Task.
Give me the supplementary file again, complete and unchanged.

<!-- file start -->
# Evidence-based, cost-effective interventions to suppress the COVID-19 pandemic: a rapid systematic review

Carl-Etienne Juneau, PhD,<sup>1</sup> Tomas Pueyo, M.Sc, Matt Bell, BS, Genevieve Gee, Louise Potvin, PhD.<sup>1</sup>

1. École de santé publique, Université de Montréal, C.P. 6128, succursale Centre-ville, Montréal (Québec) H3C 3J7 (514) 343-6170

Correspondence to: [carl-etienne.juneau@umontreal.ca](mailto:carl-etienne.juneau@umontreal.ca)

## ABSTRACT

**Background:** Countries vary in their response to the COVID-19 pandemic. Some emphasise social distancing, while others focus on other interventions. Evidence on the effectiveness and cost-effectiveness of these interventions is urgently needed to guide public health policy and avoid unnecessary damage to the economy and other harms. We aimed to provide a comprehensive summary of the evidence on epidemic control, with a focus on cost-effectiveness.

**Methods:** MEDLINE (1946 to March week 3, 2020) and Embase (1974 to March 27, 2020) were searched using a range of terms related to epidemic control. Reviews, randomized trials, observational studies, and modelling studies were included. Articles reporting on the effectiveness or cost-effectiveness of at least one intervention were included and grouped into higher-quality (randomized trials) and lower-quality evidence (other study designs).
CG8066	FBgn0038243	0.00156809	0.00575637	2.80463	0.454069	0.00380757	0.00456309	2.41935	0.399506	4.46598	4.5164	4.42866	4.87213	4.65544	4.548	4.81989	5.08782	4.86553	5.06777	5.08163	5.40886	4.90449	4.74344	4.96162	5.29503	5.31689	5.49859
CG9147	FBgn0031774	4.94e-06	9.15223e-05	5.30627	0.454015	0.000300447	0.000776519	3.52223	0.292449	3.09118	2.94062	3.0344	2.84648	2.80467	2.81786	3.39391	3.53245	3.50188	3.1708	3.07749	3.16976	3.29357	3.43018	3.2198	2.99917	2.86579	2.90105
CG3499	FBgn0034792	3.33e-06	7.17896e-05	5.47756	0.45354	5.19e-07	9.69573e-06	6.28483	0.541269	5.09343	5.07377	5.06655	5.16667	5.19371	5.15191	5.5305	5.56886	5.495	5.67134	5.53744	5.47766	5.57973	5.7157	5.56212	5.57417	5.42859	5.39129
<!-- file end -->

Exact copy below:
# Evidence-based, cost-effective interventions to suppress the COVID-19 pandemic: a rapid systematic review

Carl-Etienne Juneau, PhD,<sup>1</sup> Tomas Pueyo, M.Sc, Matt Bell, BS, Genevieve Gee, Louise Potvin, PhD.<sup>1</sup>

1. École de santé publique, Université de Montréal, C.P. 6128, succursale Centre-ville, Montréal (Québec) H3C 3J7 (514) 343-6170

Correspondence to: [carl-etienne.juneau@umontreal.ca](mailto:carl-etienne.juneau@umontreal.ca)

## ABSTRACT

**Background:** Countries vary in their response to the COVID-19 pandemic. Some emphasise social distancing, while others focus on other interventions. Evidence on the effectiveness and cost-effectiveness of these interventions is urgently needed to guide public health policy and avoid unnecessary damage to the economy and other harms. We aimed to provide a comprehensive summary of the evidence on epidemic control, with a focus on cost-effectiveness.

**Methods:** MEDLINE (1946 to March week 3, 2020) and Embase (1974 to March 27, 2020) were searched using a range of terms related to epidemic control. Reviews, randomized trials, observational studies, and modelling studies were included. Articles reporting on the effectiveness or cost-effectiveness of at least one intervention were included and grouped into higher-quality (randomized trials) and lower-quality evidence (other study designs).
CG8066	FBgn0038243	0.00156809	0.00575637	2.80463	0.454069	0.00380757	0.00456309	2.41935	0.399506	4.46598	4.5164	4.42866	4.87213	4.65544	4.548	4.81989	5.08782	4.86553	5.06777	5.08163	5.40886	4.90449	4.74344	4.96162	5.29503	5.31689	5.49859
CG9147	FBgn0031774	4.94e-06	9.15223e-05	5.30627	0.454015	0.000300447	0.000776519	3.52223	0.292449	3.09118	2.94062	3.0344	2.84648	2.80467	2.81786	3.39391	3.53245	3.50188	3.1708	3.07749	3.16976	3.29357	3.43018	3.2198	2.99917	2.86579	2.90105
CG3499	FBgn0034792	3.33e-06	7.17896e-05	5.47756	0.45354	5.19e-07	9.69573e-06	6.28483	0.541269	5.09343	5.07377	5.06655	5.16667	5.19371	5.15191	5.5305	5.56886	5.495	5.67134	5.53744	5.47766	5.57973	5.7157	5.56212	5.57417	5.42859	5.39129